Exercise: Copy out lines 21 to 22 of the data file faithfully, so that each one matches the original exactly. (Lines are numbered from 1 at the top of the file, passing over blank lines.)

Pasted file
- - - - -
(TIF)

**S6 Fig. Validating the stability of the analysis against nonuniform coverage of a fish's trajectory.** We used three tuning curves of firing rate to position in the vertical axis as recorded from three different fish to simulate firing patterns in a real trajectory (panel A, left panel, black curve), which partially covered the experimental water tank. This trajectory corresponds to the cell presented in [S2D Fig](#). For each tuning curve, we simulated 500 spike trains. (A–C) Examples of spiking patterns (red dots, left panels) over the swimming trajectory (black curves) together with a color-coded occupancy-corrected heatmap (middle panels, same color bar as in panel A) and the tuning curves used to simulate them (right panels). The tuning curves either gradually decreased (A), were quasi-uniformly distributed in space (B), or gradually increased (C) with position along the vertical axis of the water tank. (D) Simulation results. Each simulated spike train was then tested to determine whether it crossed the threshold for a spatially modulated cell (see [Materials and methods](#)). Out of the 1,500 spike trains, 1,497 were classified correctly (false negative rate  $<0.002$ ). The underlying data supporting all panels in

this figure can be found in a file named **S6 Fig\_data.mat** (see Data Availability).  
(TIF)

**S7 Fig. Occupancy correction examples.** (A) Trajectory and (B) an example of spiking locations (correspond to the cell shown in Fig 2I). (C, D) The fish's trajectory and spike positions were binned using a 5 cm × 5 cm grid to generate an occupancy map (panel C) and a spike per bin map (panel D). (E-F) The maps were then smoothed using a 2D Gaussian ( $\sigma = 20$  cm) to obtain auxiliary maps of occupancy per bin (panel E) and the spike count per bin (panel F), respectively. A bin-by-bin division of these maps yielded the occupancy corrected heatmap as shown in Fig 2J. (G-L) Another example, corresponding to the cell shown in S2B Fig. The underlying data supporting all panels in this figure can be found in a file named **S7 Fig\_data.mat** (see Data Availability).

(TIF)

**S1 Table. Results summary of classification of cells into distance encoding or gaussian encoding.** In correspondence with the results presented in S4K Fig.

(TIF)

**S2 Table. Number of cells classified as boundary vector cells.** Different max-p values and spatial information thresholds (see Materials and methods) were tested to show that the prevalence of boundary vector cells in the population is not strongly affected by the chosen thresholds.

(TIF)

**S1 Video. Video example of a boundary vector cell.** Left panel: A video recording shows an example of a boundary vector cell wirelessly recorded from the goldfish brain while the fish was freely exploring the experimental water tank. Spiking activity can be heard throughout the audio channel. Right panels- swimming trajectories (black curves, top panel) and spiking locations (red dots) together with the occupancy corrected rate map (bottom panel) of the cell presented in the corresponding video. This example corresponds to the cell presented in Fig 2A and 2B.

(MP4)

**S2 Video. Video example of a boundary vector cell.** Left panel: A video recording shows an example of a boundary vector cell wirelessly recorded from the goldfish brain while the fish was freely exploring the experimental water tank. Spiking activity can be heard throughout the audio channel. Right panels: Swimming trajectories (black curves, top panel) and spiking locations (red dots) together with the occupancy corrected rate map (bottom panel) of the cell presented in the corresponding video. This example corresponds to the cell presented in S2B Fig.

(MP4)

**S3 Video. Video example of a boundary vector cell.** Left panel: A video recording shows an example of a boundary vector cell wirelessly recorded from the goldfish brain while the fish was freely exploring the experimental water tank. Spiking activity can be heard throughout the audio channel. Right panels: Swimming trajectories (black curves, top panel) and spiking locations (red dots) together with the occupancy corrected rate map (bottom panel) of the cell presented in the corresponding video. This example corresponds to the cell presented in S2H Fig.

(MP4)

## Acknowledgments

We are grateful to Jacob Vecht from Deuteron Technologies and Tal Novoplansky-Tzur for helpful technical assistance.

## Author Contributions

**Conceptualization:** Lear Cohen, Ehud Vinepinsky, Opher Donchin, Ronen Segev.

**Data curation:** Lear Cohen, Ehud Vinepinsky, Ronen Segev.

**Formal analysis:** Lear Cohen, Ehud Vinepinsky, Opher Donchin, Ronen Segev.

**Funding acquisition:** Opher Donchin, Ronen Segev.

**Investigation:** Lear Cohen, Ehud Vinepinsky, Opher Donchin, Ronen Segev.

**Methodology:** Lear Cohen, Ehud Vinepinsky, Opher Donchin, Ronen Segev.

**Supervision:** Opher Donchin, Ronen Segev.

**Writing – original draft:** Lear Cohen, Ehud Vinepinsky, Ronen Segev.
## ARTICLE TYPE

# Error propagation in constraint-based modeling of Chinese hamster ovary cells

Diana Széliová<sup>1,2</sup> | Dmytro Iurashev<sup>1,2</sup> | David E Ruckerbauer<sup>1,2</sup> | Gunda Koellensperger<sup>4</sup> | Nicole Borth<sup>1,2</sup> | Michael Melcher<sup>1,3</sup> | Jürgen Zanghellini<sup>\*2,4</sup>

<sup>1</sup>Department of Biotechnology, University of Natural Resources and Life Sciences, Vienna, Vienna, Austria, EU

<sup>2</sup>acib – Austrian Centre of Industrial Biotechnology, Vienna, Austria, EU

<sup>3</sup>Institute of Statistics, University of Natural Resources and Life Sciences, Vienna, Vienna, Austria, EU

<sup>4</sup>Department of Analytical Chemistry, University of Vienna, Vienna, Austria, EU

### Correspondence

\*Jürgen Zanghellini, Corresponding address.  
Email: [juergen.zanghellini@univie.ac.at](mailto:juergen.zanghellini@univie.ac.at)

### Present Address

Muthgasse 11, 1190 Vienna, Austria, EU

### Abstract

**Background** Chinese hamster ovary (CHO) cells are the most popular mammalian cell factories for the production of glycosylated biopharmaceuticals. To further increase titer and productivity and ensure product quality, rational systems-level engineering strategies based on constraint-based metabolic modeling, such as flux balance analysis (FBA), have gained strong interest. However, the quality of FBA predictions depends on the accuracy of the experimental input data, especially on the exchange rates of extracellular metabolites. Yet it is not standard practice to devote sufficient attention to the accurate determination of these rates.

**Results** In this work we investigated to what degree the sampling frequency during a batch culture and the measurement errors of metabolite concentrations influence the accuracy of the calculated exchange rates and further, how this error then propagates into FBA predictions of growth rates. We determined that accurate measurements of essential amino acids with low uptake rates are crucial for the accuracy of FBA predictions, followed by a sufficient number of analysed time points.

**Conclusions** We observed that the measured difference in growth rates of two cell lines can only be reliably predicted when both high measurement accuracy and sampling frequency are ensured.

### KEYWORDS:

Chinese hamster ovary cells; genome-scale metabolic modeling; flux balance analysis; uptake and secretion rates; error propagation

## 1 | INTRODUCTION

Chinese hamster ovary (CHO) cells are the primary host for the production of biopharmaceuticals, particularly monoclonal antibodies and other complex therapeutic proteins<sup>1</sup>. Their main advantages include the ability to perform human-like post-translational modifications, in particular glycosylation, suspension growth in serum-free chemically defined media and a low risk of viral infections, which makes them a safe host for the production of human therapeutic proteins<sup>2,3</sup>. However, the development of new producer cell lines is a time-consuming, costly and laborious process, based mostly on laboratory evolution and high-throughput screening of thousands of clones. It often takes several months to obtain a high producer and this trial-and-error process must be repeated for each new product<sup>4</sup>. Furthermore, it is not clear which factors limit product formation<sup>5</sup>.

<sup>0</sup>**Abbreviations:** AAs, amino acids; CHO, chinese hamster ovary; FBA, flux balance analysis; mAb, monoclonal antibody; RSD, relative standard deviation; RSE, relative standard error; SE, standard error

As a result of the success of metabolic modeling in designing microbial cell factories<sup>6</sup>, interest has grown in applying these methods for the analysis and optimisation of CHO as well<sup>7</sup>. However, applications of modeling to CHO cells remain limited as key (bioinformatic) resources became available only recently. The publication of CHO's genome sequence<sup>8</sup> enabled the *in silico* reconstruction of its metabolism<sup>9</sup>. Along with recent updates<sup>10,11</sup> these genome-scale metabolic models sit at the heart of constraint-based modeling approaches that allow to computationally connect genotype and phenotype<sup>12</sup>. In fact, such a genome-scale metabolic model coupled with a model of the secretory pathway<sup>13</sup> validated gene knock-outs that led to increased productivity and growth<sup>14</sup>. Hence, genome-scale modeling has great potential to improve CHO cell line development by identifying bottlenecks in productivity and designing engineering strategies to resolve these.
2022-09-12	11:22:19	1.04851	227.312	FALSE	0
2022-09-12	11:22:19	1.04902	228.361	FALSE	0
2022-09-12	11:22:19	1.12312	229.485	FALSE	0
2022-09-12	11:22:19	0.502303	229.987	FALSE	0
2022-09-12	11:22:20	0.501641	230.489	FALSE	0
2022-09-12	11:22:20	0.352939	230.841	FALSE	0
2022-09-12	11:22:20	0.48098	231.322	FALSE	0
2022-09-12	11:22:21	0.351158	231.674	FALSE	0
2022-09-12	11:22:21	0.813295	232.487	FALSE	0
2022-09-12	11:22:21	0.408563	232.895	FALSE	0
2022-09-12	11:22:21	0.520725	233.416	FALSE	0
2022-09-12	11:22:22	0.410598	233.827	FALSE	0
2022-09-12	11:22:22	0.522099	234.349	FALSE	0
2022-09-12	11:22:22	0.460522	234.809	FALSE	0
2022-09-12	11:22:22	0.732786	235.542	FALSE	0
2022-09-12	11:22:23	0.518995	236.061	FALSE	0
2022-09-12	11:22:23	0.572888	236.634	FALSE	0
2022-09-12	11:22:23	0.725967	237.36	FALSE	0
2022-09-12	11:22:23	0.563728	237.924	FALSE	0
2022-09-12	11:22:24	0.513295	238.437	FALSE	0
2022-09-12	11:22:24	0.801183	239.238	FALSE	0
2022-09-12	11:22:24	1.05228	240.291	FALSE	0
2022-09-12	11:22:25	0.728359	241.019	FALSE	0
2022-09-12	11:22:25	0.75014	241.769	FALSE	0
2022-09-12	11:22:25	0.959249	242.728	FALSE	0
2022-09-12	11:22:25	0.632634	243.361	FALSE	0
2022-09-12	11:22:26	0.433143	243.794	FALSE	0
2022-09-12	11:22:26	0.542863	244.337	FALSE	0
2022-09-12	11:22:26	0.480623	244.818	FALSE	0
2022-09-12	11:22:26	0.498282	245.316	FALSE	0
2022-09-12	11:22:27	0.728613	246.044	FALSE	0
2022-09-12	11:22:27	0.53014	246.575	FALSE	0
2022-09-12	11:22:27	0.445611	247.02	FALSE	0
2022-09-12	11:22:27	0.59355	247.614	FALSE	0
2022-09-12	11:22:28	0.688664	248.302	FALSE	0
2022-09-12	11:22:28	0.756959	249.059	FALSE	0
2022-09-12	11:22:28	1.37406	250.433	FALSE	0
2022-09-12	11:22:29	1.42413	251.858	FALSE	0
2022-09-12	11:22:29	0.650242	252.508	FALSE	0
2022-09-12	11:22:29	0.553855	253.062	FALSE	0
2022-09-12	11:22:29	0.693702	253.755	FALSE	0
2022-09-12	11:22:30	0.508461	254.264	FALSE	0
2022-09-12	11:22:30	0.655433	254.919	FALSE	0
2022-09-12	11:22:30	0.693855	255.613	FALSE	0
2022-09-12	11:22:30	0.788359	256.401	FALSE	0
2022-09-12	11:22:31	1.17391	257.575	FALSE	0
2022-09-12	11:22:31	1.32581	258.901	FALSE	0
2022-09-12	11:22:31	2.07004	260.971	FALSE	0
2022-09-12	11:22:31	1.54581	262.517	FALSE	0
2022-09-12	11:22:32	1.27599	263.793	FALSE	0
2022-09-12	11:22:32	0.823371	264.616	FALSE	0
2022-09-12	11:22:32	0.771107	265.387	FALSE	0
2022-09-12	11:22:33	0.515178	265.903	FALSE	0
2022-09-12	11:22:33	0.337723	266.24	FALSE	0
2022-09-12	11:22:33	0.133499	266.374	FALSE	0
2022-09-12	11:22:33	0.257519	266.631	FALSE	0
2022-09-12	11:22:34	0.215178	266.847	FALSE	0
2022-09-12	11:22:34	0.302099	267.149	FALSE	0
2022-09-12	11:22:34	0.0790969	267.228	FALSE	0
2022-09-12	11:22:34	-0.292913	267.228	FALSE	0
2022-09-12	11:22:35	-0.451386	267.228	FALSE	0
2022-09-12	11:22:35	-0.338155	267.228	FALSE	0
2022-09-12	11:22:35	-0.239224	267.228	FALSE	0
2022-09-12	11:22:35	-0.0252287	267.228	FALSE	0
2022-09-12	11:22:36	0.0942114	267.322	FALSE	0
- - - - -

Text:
**Data curation:** Lear Cohen, Ehud Vinepinsky, Ronen Segev.

**Formal analysis:** Lear Cohen, Ehud Vinepinsky, Opher Donchin, Ronen Segev.